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Covid: India’s need delays supplying Oxford-AstraZeneca vaccine to UK

In Britain, over 25 million people have received their first dose but the speed of the vaccination rollout may be affected if the Indian supply does not arrive soon

Amit Roy   |   London   |   Published 19.03.21, 01:04 AM

India is delaying supplying the Oxford-AstraZeneca vaccine to the UK because the doses are needed at home to tackle rising Covid cases and is not seeking to punish Britain for the recent debate held by its MPs on the farmers’ dispute, media reports have said.

A Daily Telegraph report confirmed there would be a delay in Britain receiving 5 million doses of the vaccine from the Serum Institute of India but added: “British MPs’ criticism of the Indian government’s alleged use of force against peacefully protesting farmers was not behind the delay, according to a source, with exports to other countries also being held.”

In Britain over 25 million people have received their first dose but the speed of the vaccination rollout may be affected if the Indian supply does not arrive soon.

The Daily Mail’s headline — “India ‘blocks UK jabs’” — was not calculated to improve relations between London and Delhi.

The paper said: “The UK was expecting 10 million doses of the Oxford-made vaccine from the Serum Institute of India, the world’s biggest vaccine maker, but the company has only delivered five million so far.”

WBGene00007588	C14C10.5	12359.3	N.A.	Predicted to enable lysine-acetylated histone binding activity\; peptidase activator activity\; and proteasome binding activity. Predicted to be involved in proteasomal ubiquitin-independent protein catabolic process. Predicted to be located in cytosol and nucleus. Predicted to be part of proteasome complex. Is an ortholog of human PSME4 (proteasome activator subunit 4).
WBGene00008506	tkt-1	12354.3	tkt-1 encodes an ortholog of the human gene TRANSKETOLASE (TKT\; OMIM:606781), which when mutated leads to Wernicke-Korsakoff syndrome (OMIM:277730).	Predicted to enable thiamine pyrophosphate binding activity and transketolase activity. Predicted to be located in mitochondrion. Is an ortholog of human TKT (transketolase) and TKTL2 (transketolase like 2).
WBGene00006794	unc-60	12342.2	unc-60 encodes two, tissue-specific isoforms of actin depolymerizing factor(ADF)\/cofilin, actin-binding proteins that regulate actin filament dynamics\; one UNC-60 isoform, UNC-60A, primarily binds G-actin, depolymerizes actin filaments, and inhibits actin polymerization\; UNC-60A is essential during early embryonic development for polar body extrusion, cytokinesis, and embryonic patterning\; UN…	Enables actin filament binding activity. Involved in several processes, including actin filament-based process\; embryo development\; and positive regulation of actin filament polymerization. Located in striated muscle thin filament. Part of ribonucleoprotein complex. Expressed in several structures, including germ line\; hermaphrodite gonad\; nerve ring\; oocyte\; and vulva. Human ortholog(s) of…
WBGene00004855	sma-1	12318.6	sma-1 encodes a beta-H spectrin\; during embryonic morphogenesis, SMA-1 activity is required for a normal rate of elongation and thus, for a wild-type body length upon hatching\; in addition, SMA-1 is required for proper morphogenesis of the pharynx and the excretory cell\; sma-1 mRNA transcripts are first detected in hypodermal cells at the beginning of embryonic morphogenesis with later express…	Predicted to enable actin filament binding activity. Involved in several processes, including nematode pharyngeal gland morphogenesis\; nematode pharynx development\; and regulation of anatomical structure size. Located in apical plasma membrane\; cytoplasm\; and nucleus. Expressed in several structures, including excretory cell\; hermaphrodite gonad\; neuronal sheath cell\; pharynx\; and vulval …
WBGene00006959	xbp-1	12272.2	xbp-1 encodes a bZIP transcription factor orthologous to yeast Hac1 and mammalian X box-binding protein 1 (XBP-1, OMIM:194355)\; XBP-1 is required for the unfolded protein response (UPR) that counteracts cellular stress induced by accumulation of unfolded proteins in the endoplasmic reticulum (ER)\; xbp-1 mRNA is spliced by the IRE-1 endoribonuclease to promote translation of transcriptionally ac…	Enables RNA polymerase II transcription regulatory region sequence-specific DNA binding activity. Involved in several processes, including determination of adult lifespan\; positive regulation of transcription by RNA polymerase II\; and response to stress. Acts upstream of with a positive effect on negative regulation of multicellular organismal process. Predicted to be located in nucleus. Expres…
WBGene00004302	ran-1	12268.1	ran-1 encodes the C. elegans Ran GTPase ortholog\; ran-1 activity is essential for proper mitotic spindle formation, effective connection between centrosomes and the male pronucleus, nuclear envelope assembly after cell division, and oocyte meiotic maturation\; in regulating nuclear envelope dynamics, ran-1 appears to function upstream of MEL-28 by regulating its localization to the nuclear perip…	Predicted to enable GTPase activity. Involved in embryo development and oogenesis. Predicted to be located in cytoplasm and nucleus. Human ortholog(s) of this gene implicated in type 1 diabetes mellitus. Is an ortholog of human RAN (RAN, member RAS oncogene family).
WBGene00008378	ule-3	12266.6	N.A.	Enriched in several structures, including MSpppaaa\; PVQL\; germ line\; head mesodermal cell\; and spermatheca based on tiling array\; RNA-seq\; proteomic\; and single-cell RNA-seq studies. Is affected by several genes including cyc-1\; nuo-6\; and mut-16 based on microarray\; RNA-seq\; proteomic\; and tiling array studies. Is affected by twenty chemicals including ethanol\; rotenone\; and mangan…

It summed up: “A row is developing over Britain’s vaccine shortage that will see first doses mostly halted in April as the UK points the finger at India and accuses it of delaying a shipment of AstraZeneca jabs.”

The trouble began on Wednesday with the “shocking” disclosure that the National Health Service had asked doctors to stop offering vaccination to people under 50 next month because of a problem with supplies.

At first, the entire media assumed this was because supplies from the European Union were being blocked because of a row over a number of issues with the UK. But then in the early hours of Thursday, the BBC broke the news that the anticipated shortage had nothing to do with the EU, but with India.

“Covid vaccine: India shortfall behind UK’s supply delay,” it said.

The BBC reported: “An expected reduction in the UK’s Covid vaccine supply in April is partly due to a delay in a delivery from India of five million Oxford-AstraZeneca doses. The shipment, produced by the Serum Institute of India, has been held up by four weeks, the BBC has been told.”

The BBC got a statement from Serum Institute: “Five million doses had been delivered a few weeks ago to the UK and we will try to supply more later, based on the current situation and the requirement for the government immunisation programme in India.”

The chief executive of the Serum Institute, Adar Poonawalla, who has had a flattering press in Britain — until now — both for his good looks and his socially conscious policies, is clearly angry he is being blamed for a delay that is not his fault.

In an interview on Thursday with The Daily Telegraph, he hit back: “We have supplied 5 million doses to the UK. I don’t know what are they (his detractors in the British media) talking about.”

He confirmed that a shipment of 5 million doses “was supplied to AstraZeneca and they gave it to the UK few weeks ago, I think. There was media coverage of it.”

As for the other half, “it is solely dependent on India. It has nothing to do with the SII. It is to do with the Indian government allowing more doses to the UK.”